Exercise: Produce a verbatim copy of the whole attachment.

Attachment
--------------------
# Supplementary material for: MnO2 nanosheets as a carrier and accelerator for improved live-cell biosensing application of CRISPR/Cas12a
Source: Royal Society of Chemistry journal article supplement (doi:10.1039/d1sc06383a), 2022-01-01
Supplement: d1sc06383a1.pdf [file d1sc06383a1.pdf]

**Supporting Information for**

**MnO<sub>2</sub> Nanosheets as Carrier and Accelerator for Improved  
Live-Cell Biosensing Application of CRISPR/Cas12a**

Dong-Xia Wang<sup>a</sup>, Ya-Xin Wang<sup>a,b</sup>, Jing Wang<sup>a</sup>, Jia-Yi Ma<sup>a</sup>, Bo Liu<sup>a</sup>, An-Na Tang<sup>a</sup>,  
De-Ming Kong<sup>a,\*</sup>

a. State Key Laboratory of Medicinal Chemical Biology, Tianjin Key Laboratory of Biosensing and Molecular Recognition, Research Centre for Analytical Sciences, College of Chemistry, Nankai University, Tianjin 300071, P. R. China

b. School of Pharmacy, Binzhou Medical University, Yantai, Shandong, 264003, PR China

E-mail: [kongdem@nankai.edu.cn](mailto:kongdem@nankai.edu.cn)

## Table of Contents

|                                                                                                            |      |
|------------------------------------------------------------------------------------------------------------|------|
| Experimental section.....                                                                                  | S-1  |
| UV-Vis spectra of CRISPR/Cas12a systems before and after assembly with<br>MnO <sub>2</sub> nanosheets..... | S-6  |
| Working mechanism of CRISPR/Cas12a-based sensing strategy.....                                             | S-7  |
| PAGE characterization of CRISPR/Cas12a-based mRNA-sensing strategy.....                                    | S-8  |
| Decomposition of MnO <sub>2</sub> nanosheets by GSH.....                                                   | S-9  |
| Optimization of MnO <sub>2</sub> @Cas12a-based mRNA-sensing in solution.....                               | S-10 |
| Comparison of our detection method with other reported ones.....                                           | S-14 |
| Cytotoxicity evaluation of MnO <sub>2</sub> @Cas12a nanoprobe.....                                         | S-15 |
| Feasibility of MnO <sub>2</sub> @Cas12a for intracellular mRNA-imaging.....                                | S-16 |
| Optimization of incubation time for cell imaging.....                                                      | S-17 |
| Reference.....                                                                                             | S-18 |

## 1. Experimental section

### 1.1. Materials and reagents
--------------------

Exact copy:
# Supplementary material for: MnO2 nanosheets as a carrier and accelerator for improved live-cell biosensing application of CRISPR/Cas12a
Source: Royal Society of Chemistry journal article supplement (doi:10.1039/d1sc06383a), 2022-01-01
Supplement: d1sc06383a1.pdf [file d1sc06383a1.pdf]

**Supporting Information for**

**MnO<sub>2</sub> Nanosheets as Carrier and Accelerator for Improved  
Live-Cell Biosensing Application of CRISPR/Cas12a**

Dong-Xia Wang<sup>a</sup>, Ya-Xin Wang<sup>a,b</sup>, Jing Wang<sup>a</sup>, Jia-Yi Ma<sup>a</sup>, Bo Liu<sup>a</sup>, An-Na Tang<sup>a</sup>,  
De-Ming Kong<sup>a,\*</sup>

a. State Key Laboratory of Medicinal Chemical Biology, Tianjin Key Laboratory of Biosensing and Molecular Recognition, Research Centre for Analytical Sciences, College of Chemistry, Nankai University, Tianjin 300071, P. R. China

b. School of Pharmacy, Binzhou Medical University, Yantai, Shandong, 264003, PR China

E-mail: [kongdem@nankai.edu.cn](mailto:kongdem@nankai.edu.cn)

## Table of Contents

|                                                                                                            |      |
|------------------------------------------------------------------------------------------------------------|------|
| Experimental section.....                                                                                  | S-1  |
| UV-Vis spectra of CRISPR/Cas12a systems before and after assembly with<br>MnO <sub>2</sub> nanosheets..... | S-6  |
| Working mechanism of CRISPR/Cas12a-based sensing strategy.....                                             | S-7  |
| PAGE characterization of CRISPR/Cas12a-based mRNA-sensing strategy.....                                    | S-8  |
| Decomposition of MnO <sub>2</sub> nanosheets by GSH.....                                                   | S-9  |
| Optimization of MnO <sub>2</sub> @Cas12a-based mRNA-sensing in solution.....                               | S-10 |
| Comparison of our detection method with other reported ones.....                                           | S-14 |
| Cytotoxicity evaluation of MnO <sub>2</sub> @Cas12a nanoprobe.....                                         | S-15 |
| Feasibility of MnO <sub>2</sub> @Cas12a for intracellular mRNA-imaging.....                                | S-16 |
| Optimization of incubation time for cell imaging.....                                                      | S-17 |
| Reference.....                                                                                             | S-18 |

## 1. Experimental section

### 1.1. Materials and reagents